Marion Post Wolcott

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Marion Post Wolcott was born in Montclair, New Jersey on June 7, 1910. She attended boarding school with her sister in Edgewood, Greenwich, and then studied modern dance and early childhood education at the New School in New York. Working in childcare in small neighbouring towns taught her much about the American class system, and the social impacts of the Depression. She travelled to Paris to focus on dance, and then studied child psychology at the University of Vienna.

After graduating in the 1930s, Wolcott returned to New York and pursued photography. She attended classes at the Photo League, where she met influential photographers Ralph Steiner and Paul Strand. Initially working as a freelance photographer for LIFE and the Philadelphia Evening Bulletin, Wolcott encouraged Steiner to show her portfolio to the head of photography at FSA, Roy Stryker. He was impressed by her visceral approach to photographing personalities and moments, and hired her the FSA’s first full time woman photographer, working alongside the part-time photographer Dorothea Lange.

Wolcott photographed the effects of poverty in rural America, creating intimate and unmediated shots of workers, children, and minorities. She worked at the FSA until 1942. She continued to photograph wherever she travelled, capturing moments in both the Middle East and South America. In the late 1960s, Wolcott and her family lived in California, where she worked as a freelance photographer and concentrated on colour photographs.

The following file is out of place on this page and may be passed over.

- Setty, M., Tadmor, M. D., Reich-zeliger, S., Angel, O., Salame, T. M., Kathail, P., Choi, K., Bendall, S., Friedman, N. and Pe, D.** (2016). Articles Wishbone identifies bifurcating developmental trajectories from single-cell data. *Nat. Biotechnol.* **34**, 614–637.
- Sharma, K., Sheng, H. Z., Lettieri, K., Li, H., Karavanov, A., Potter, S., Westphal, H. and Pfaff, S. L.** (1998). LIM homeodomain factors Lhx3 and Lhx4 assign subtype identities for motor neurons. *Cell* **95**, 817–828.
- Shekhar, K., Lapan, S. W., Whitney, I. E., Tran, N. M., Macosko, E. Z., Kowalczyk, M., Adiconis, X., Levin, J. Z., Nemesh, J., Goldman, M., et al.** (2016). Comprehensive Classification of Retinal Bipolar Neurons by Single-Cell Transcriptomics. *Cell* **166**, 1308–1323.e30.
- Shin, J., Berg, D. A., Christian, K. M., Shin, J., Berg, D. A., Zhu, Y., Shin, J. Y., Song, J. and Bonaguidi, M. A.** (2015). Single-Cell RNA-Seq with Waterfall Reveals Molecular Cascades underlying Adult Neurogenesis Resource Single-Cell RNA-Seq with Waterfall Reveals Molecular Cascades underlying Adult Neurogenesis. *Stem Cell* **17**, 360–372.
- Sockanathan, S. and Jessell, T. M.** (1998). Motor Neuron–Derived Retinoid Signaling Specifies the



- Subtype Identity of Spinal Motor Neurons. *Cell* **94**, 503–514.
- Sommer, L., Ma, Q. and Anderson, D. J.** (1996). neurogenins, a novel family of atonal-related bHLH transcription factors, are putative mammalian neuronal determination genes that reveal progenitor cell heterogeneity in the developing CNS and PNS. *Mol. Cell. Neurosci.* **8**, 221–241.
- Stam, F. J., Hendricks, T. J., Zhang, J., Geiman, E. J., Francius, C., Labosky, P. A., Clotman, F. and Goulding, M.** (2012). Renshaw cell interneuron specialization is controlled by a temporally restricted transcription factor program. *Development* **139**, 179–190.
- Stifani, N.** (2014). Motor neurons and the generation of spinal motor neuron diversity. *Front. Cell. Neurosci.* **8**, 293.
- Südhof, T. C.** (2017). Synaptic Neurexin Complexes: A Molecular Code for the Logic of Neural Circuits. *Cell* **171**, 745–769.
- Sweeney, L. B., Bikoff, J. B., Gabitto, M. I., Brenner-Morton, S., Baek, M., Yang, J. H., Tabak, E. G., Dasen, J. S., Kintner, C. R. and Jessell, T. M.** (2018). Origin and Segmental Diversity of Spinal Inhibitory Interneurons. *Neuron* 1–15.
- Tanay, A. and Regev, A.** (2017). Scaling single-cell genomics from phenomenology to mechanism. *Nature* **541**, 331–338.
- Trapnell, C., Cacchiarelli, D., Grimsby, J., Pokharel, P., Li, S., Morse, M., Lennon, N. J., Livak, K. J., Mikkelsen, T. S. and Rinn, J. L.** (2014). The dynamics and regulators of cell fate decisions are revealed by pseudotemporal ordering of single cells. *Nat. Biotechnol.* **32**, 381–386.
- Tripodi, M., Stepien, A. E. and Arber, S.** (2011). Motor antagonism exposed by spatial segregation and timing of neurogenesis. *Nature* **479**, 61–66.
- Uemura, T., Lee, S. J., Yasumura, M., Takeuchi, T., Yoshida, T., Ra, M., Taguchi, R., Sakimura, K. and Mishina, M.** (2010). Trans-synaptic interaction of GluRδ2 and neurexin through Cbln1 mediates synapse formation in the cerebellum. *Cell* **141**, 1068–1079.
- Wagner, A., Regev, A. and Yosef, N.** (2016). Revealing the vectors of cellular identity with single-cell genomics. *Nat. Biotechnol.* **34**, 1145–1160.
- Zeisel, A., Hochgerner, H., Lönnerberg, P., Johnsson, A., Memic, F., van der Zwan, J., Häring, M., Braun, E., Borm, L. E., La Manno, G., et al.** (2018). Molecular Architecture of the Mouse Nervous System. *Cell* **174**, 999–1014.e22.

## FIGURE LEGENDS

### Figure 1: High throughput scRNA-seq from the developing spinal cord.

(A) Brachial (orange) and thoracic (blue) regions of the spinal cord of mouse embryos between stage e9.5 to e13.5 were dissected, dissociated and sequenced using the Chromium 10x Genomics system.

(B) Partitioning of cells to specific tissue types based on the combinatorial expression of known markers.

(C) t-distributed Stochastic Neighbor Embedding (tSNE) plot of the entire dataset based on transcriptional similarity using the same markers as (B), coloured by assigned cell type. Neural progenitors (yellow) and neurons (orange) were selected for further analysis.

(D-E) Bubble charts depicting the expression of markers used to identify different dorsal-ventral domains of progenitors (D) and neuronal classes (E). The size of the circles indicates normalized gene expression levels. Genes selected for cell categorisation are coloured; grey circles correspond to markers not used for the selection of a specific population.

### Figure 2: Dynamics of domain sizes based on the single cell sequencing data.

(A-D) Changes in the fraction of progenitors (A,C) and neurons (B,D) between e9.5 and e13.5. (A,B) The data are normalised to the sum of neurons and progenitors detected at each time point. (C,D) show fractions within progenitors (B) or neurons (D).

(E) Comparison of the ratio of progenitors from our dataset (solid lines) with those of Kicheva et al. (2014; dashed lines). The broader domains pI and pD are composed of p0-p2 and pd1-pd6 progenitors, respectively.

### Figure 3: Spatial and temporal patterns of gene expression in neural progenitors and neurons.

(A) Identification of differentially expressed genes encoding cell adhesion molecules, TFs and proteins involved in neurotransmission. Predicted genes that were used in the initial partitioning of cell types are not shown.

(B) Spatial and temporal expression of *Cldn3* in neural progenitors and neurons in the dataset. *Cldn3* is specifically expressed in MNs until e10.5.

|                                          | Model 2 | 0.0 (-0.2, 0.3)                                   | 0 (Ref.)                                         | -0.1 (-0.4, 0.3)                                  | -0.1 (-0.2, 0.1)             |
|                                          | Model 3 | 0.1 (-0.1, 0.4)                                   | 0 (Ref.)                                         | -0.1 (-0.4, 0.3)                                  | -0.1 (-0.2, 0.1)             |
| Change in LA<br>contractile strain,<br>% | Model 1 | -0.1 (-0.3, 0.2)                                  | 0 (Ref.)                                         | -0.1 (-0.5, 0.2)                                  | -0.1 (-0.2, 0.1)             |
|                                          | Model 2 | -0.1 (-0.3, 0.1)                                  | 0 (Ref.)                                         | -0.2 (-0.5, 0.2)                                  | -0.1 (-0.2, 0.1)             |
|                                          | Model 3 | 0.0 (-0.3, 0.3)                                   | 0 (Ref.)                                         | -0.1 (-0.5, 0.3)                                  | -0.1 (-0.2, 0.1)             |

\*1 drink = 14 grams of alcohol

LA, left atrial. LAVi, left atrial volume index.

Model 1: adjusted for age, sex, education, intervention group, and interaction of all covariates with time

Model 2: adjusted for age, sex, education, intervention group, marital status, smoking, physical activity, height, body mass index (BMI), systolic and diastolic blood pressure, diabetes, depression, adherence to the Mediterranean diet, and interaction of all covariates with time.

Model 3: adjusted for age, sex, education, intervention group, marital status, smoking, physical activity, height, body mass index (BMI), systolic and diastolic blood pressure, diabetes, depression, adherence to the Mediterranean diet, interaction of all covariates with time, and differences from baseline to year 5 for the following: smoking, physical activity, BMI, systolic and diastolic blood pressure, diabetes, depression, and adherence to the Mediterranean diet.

Wolcott’s work has been exhibited at Santa Barbara Museum and at the Gibson Gallery in Seattle. During the last ten years of her life, she won the Oakland Museum’s Dorothea Lange Award, the National Press Photographer’s Lifetime Achievement Award, and the Society of Photographic Educator’s Lifetime Achievement Award. Her work was exhibited at Syracuse University in 1986, where she held a conference about Women in Photography.

Wolcott died at the age of 80 on November 24, 1990. Her documentary photographs remain vital for studying America and the Depression.